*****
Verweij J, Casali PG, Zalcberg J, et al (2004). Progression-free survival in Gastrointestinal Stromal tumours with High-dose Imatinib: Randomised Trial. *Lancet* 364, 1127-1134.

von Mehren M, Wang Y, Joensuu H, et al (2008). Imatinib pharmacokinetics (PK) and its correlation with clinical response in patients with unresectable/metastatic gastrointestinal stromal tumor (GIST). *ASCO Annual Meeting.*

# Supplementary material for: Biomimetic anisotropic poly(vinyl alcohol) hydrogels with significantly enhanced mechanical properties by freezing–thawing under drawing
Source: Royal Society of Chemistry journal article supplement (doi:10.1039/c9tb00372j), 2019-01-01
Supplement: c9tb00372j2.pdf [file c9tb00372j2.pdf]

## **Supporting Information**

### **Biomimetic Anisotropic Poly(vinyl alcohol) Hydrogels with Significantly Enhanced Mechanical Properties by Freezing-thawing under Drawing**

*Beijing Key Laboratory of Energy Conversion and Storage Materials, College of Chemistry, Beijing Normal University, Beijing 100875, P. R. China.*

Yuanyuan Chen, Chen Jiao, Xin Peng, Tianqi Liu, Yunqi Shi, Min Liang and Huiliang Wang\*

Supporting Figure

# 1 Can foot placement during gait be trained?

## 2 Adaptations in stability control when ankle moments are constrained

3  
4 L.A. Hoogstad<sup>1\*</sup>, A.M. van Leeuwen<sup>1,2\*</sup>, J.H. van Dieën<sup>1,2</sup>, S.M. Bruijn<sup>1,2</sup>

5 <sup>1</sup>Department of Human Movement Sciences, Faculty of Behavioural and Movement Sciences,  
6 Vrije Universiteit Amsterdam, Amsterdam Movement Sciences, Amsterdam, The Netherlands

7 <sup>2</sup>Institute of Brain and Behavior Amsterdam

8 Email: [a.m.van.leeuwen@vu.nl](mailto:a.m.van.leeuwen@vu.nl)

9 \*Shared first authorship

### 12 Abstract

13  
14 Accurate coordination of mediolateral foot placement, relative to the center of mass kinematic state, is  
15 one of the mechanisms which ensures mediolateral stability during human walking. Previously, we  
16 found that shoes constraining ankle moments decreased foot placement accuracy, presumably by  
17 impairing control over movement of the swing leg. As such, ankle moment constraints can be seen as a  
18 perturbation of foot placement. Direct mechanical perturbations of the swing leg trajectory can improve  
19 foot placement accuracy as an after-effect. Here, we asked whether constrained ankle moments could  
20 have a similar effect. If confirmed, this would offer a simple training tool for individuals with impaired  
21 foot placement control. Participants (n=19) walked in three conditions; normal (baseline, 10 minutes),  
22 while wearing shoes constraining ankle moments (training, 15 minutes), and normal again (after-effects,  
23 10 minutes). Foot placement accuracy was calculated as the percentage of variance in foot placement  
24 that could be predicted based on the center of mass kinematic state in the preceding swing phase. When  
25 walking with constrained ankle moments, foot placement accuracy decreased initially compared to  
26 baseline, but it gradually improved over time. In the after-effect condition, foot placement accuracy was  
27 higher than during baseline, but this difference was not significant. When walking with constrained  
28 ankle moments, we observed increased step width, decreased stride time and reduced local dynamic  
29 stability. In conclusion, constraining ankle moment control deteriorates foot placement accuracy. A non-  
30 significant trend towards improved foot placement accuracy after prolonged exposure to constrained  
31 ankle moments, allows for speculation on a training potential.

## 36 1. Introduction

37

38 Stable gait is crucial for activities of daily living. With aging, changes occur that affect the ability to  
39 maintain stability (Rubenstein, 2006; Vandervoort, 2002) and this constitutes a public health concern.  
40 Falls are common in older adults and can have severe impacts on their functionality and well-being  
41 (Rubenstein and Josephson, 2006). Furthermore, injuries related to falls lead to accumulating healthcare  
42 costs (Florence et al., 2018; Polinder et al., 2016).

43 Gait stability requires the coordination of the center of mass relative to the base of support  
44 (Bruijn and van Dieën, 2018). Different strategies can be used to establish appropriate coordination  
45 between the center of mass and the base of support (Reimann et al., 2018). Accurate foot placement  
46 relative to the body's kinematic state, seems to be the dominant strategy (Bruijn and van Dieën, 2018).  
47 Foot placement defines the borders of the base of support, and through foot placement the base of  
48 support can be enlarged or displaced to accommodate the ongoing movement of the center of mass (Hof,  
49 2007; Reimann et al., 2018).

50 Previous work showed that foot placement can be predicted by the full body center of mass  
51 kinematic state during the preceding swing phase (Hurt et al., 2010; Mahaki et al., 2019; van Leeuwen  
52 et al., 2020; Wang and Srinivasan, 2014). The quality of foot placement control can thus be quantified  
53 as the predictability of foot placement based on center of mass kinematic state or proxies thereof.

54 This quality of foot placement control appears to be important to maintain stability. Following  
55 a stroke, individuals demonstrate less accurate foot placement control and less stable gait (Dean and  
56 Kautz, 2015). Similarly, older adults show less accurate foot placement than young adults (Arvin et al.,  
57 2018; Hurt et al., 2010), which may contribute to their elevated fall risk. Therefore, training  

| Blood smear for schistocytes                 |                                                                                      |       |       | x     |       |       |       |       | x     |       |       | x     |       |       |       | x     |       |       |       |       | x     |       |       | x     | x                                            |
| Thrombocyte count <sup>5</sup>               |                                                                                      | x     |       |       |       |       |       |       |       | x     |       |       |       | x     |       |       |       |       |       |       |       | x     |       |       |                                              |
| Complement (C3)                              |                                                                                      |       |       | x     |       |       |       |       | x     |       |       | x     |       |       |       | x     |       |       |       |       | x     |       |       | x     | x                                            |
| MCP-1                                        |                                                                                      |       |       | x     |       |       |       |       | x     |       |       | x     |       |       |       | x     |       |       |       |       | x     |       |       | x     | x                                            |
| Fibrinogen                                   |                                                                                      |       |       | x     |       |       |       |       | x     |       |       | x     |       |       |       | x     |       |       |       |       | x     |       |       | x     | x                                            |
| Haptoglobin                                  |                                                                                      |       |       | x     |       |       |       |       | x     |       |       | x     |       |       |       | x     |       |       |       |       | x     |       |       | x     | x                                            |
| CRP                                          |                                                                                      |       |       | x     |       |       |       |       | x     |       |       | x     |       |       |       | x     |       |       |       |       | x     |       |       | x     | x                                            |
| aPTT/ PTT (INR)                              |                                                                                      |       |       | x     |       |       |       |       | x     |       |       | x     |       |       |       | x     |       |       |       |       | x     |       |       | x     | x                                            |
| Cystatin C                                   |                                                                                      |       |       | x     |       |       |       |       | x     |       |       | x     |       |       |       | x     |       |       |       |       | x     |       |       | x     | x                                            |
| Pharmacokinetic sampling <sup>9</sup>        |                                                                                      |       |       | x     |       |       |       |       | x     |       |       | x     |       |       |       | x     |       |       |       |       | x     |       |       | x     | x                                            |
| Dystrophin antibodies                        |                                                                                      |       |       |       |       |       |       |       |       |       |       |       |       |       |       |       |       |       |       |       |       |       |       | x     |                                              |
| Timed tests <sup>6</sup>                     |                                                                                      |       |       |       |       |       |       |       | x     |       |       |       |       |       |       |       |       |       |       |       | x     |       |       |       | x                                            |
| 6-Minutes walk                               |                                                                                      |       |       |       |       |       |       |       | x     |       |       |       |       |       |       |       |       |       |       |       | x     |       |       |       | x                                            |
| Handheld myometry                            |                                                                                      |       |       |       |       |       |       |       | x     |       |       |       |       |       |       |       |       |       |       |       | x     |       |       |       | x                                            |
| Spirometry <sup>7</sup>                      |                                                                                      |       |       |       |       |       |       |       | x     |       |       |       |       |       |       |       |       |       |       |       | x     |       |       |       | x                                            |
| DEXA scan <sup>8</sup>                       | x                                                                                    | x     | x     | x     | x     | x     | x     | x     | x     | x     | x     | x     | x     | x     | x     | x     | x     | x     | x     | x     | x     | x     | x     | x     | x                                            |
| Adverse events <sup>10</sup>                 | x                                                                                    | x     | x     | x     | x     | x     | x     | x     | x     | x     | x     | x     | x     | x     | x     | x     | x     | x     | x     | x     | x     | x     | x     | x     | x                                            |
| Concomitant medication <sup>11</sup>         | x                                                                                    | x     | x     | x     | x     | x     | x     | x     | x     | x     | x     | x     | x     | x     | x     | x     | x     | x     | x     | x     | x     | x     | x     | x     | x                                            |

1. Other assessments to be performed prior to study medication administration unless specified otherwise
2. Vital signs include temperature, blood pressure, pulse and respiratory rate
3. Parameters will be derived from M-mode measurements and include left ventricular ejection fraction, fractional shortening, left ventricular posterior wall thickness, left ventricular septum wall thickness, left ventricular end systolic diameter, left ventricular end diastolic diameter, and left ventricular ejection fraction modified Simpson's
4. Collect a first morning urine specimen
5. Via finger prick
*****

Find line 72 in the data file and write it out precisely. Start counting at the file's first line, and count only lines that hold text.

| Dystrophin antibodies                        |                                                                                      |       |       |       |       |       |       |       |       |       |       |       |       |       |       |       |       |       |       |       |       |       |       | x     |                                              |